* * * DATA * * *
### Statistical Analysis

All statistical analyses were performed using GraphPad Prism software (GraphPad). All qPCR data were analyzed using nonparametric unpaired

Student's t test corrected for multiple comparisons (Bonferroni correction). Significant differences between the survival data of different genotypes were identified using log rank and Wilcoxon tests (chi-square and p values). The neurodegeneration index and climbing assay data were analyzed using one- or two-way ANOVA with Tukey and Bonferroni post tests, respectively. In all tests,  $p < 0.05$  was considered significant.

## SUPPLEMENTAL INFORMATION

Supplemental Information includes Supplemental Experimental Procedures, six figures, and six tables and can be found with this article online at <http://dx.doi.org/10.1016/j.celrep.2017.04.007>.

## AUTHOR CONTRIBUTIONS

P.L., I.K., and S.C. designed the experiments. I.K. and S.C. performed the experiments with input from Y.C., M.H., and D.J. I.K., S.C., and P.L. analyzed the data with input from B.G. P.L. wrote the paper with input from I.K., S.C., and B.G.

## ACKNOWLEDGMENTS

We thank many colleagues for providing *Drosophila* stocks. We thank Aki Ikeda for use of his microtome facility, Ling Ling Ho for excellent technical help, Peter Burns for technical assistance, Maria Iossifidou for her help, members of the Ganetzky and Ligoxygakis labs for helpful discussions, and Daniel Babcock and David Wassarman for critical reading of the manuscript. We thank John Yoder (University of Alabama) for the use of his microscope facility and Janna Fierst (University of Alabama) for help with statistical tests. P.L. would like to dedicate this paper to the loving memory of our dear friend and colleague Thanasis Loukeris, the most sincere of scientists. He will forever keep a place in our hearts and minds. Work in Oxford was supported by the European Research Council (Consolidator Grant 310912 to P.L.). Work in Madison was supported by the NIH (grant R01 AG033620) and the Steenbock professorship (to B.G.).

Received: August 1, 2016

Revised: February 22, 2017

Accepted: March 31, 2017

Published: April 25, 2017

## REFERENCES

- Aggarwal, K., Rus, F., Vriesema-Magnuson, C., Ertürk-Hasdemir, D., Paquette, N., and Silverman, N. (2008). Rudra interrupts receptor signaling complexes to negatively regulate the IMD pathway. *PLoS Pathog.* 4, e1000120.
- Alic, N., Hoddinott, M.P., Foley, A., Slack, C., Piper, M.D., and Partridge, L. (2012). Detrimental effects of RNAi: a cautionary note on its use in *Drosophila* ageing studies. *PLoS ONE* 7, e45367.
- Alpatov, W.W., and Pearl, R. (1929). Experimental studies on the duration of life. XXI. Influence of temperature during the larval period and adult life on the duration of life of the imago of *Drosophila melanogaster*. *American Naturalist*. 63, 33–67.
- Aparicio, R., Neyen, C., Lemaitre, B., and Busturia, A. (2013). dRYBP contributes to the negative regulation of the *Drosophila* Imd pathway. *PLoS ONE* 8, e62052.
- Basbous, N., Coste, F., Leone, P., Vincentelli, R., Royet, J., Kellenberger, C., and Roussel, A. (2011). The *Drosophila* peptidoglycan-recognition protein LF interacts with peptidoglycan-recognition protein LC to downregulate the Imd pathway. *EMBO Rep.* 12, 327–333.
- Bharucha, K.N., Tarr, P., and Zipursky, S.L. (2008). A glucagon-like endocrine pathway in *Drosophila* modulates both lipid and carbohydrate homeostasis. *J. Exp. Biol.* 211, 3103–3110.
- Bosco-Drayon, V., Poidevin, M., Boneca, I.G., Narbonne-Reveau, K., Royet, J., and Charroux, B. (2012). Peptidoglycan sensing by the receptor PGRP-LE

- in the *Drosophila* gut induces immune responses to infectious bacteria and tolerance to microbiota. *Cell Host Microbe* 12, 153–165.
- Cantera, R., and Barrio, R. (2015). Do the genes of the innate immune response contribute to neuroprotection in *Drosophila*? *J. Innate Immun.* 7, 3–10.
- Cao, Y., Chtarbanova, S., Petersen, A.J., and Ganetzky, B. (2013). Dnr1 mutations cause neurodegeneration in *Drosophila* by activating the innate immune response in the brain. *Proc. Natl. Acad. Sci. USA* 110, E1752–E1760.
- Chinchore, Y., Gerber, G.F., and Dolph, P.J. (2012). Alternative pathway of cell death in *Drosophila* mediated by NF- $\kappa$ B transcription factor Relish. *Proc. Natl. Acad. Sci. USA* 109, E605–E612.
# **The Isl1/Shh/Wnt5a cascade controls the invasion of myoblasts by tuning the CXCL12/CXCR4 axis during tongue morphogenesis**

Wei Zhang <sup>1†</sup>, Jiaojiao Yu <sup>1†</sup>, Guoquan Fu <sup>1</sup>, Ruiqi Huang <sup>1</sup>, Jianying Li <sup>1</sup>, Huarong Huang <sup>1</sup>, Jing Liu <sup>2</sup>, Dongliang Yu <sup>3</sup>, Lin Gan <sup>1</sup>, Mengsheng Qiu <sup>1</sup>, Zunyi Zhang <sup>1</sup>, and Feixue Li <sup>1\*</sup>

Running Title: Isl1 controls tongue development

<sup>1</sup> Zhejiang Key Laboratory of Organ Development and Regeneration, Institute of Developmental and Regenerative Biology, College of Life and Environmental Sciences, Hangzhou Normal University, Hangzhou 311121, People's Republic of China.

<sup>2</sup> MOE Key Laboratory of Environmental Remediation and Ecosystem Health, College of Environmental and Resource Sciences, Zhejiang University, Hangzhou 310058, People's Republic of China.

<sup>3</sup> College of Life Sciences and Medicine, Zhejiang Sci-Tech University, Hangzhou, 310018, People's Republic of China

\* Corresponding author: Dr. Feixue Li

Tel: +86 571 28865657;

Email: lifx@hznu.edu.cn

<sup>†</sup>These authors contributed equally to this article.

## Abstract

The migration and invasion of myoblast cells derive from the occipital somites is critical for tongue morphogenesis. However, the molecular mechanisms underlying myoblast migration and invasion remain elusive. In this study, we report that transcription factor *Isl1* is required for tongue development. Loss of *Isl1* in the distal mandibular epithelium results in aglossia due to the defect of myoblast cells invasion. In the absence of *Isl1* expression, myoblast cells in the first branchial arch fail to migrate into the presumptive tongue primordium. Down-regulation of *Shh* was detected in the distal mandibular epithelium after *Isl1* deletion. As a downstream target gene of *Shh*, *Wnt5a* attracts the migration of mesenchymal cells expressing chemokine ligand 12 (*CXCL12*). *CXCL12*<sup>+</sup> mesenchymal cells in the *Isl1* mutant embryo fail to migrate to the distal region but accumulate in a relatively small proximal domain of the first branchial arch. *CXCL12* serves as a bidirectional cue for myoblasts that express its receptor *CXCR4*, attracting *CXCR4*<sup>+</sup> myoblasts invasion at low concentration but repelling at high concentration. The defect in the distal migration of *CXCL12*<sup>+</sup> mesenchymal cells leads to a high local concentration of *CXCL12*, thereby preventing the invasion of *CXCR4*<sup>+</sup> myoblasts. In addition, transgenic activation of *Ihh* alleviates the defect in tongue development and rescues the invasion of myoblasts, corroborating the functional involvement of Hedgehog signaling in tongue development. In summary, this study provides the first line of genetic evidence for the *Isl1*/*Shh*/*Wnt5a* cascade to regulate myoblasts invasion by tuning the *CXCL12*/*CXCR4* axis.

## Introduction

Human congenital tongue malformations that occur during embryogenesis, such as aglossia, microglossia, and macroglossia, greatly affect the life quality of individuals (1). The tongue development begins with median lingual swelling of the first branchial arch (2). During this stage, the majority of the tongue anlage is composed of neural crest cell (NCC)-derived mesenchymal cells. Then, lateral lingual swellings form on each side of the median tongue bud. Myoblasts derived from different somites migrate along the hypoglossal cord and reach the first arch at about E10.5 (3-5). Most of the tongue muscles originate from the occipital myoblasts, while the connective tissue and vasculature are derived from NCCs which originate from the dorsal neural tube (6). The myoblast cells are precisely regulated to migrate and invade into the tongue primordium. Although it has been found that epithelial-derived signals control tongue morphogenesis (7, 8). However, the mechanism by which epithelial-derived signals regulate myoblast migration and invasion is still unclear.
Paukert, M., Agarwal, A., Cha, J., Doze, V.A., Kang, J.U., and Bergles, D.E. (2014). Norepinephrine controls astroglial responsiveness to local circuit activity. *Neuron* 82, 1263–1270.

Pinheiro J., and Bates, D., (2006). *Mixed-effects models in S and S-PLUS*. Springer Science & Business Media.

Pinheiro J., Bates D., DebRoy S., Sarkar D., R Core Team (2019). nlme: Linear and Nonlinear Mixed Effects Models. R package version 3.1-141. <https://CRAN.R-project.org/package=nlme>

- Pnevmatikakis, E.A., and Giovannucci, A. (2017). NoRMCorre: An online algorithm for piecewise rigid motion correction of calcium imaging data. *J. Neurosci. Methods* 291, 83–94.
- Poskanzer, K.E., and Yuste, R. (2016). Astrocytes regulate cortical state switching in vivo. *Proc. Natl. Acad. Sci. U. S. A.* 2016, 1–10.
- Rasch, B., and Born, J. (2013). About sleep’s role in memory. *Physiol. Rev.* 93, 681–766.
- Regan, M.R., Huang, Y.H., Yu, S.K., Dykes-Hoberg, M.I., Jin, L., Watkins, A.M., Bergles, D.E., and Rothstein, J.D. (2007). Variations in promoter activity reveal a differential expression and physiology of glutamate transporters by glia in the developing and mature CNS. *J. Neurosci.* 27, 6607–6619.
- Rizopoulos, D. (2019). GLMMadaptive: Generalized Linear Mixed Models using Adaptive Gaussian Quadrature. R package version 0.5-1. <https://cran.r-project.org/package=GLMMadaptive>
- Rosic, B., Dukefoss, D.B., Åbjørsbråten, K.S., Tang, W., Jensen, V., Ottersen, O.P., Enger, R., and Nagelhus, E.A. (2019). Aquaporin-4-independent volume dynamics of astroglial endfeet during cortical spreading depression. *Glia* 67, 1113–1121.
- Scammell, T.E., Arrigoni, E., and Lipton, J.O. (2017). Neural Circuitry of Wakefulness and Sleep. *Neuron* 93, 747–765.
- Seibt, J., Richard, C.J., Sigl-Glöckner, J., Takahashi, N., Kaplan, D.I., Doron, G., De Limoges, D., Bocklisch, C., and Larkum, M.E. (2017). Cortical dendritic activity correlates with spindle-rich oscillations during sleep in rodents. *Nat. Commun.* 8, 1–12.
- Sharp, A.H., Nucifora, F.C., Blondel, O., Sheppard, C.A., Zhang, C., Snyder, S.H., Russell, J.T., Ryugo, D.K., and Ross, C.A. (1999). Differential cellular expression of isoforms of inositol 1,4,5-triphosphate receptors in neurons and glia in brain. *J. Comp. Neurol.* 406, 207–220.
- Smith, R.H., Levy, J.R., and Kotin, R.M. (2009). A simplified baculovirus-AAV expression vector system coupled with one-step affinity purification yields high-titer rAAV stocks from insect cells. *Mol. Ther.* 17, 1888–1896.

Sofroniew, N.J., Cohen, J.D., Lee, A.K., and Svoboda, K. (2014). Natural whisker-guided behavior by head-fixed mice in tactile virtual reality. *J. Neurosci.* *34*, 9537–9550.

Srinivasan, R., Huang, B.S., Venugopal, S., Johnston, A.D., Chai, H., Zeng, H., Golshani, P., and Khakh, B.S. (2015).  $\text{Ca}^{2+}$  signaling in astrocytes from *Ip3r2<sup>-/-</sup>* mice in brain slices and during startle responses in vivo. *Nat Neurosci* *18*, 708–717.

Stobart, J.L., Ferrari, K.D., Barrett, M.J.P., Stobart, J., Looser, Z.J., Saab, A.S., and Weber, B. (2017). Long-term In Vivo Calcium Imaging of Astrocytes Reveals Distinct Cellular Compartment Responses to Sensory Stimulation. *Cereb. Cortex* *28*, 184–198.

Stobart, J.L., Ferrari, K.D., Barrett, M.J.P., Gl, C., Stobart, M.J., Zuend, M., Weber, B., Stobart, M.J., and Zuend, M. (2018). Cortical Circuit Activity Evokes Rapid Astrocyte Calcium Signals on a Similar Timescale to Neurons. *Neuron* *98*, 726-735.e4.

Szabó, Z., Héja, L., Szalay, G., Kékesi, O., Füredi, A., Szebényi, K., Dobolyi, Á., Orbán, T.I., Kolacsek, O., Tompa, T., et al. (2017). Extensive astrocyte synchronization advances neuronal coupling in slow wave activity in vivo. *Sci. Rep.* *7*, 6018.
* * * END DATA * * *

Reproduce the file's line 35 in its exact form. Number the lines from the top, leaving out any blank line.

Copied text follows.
<sup>†</sup>These authors contributed equally to this article.